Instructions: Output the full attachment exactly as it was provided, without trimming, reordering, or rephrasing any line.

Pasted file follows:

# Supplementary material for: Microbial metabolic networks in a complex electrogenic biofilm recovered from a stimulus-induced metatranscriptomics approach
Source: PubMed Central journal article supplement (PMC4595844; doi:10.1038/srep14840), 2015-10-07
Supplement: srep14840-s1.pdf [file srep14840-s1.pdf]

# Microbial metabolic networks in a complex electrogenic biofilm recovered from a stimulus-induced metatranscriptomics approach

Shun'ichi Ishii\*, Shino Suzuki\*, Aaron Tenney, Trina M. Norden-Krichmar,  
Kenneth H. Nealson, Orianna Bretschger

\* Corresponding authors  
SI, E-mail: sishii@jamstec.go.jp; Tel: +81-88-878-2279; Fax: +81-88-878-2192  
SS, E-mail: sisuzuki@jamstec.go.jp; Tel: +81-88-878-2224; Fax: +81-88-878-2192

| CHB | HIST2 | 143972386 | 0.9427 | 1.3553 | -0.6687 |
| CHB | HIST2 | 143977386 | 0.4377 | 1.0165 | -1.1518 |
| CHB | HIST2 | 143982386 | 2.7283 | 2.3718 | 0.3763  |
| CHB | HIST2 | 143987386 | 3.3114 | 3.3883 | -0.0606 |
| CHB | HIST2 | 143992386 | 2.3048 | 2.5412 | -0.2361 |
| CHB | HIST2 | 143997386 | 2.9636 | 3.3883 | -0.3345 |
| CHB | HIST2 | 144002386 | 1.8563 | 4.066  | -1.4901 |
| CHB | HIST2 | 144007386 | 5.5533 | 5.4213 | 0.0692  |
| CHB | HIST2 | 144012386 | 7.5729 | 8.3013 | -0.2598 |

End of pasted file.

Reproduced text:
# Supplementary material for: Microbial metabolic networks in a complex electrogenic biofilm recovered from a stimulus-induced metatranscriptomics approach
Source: PubMed Central journal article supplement (PMC4595844; doi:10.1038/srep14840), 2015-10-07
Supplement: srep14840-s1.pdf [file srep14840-s1.pdf]

# Microbial metabolic networks in a complex electrogenic biofilm recovered from a stimulus-induced metatranscriptomics approach

Shun'ichi Ishii\*, Shino Suzuki\*, Aaron Tenney, Trina M. Norden-Krichmar,  
Kenneth H. Nealson, Orianna Bretschger

\* Corresponding authors  
SI, E-mail: sishii@jamstec.go.jp; Tel: +81-88-878-2279; Fax: +81-88-878-2192  
SS, E-mail: sisuzuki@jamstec.go.jp; Tel: +81-88-878-2224; Fax: +81-88-878-2192

| CHB | HIST2 | 143972386 | 0.9427 | 1.3553 | -0.6687 |
| CHB | HIST2 | 143977386 | 0.4377 | 1.0165 | -1.1518 |
| CHB | HIST2 | 143982386 | 2.7283 | 2.3718 | 0.3763  |
| CHB | HIST2 | 143987386 | 3.3114 | 3.3883 | -0.0606 |
| CHB | HIST2 | 143992386 | 2.3048 | 2.5412 | -0.2361 |
| CHB | HIST2 | 143997386 | 2.9636 | 3.3883 | -0.3345 |
| CHB | HIST2 | 144002386 | 1.8563 | 4.066  | -1.4901 |
| CHB | HIST2 | 144007386 | 5.5533 | 5.4213 | 0.0692  |
| CHB | HIST2 | 144012386 | 7.5729 | 8.3013 | -0.2598 |